Pension reform in France became a key element in this year’s presidential election. The future of the French retirement system was intensively discussed by the social partners, and was one of the hot issues during the electoral campaign.
Before the election, opposing candidates Jacques Chirac and Lionel Jospin publicly clashed on the future of the French retirement system. Chirac defended the creation of an Anglo-Saxon-style pension market, whereas Jospin argued that the only way forward for supplementary pensions was through collective savings funds managed by the trade unions. Since the election, with Chirac returned to power, retirement provision has continued to be debated and some pre-election promises are now being questioned.
Just before the election, Chirac promised that the recently created state reserve would have accumulated €150bn by 2020, enough to pay pensions between 2020 and 2040. This huge amount of money would come, he said, from the privatisation of state-run companies.
However, the Paris-based pensions association Observatoire des Retraites, warned in July that the economic climate, union influence and the forthcoming ‘tribunal committee’ elections – held every five years when employers and employees elect members to try to resolve areas of conflict, including retirement income and benefits issues – could prevent these promises being realised and certainly delay any decisions regarding the pension fund reform for months.
The new government has also had to listen to the claims of the asset management industry in the past few months. The French association of asset managers, the Paris-based AFG-ASFFI, called on the government to reform the tax system to encourage people to save more and to set up a new regulatory body to ensure the continued growth of the asset management and pensions industry. But some important steps towards the future of the industry were taken earlier this summer, when news about the merger between Argic and Arrco hit the headlines. The two caisse des retraites supplementary retirement fund associations are joining forces to create a new umbrella association, the Groupement d’Interet Economique AGIRC-ARRCO. This move was made as a way to avoid competition between the two and in preparation for 2004, when the number of supplementary caisses des retraites will be limited to 25. .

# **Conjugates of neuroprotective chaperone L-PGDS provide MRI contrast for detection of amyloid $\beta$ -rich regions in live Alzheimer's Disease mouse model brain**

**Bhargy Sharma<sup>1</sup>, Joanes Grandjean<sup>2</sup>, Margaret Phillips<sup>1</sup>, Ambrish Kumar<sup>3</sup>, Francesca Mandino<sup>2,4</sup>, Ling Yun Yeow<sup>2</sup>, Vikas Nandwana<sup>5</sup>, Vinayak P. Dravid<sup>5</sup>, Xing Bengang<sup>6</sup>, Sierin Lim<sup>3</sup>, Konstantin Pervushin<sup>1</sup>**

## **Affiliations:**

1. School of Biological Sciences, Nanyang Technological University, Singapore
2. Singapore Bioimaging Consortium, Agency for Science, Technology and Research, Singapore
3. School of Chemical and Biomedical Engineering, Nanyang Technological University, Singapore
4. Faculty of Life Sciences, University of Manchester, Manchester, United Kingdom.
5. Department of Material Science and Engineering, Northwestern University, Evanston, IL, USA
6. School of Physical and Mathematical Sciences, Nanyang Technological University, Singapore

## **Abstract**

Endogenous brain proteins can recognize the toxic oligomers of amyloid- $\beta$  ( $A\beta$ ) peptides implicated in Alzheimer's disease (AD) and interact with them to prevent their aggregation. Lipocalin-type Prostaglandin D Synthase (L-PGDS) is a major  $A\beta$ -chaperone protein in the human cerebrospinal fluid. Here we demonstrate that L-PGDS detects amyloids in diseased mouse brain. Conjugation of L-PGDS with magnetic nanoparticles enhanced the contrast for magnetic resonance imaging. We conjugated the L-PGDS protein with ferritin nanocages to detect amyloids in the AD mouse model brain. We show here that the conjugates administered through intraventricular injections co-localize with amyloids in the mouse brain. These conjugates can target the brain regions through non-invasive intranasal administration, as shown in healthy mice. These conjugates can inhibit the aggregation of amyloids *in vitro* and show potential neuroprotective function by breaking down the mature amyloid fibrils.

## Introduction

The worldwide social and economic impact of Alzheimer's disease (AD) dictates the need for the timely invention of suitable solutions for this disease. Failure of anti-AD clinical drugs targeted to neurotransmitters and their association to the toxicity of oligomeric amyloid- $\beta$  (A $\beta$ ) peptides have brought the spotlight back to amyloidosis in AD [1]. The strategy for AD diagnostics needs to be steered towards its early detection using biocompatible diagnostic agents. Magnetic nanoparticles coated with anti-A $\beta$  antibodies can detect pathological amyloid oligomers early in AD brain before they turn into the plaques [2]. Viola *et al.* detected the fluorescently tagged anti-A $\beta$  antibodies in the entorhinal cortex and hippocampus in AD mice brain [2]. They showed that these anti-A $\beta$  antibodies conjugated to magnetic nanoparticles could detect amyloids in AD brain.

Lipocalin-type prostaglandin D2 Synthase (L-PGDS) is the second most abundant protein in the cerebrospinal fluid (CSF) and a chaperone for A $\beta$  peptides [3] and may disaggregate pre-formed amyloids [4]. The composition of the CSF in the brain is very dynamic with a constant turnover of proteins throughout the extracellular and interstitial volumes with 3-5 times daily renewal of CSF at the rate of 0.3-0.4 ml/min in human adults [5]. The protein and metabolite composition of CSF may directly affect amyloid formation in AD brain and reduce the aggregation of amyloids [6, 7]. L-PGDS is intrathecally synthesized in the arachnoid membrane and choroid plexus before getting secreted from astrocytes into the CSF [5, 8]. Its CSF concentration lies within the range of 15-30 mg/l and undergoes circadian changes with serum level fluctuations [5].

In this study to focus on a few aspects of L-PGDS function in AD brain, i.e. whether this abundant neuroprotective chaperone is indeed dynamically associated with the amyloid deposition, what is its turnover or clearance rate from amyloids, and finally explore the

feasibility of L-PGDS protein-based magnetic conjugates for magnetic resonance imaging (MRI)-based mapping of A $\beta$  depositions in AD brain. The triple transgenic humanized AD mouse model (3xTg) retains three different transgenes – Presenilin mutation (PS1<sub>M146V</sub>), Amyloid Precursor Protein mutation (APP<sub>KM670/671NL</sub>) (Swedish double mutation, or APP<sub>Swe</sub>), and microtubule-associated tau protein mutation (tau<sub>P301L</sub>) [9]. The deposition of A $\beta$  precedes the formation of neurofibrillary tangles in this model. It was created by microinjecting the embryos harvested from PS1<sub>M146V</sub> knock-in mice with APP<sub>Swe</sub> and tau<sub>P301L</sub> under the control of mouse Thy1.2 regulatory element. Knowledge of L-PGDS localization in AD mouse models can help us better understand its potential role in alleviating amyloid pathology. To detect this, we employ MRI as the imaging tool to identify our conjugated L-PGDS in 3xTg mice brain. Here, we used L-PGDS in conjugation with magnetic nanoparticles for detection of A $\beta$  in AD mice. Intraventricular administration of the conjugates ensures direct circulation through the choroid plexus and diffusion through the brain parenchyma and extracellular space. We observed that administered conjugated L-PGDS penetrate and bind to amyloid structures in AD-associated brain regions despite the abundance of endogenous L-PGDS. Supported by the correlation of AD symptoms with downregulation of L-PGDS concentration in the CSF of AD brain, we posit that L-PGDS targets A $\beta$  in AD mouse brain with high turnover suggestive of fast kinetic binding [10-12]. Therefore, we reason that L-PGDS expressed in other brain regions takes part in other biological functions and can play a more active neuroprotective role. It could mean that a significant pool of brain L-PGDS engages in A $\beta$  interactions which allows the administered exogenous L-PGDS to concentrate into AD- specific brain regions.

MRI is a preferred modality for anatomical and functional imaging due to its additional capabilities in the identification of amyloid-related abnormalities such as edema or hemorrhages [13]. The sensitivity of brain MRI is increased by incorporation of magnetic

As part of the run-up to the government’s plans to meet both employers and the trade unions about the future of supplementary pensions in France, now scheduled for 2003, both of the social partners have reached an interim agreement about early retirement provision.
Under the AGFF funding agreement set up in 2001 by AGIRC and ARRCO to finance the costs of early retirement for employees covered by the two funds after pension payouts were frozen until December this year because of deficits in the funds. Those retiring under 65 receive their pension in full, as otherwise they would have been slashed by up to 22%. However, the agreement has only been extended to October 2003, which the unions believe is too brief.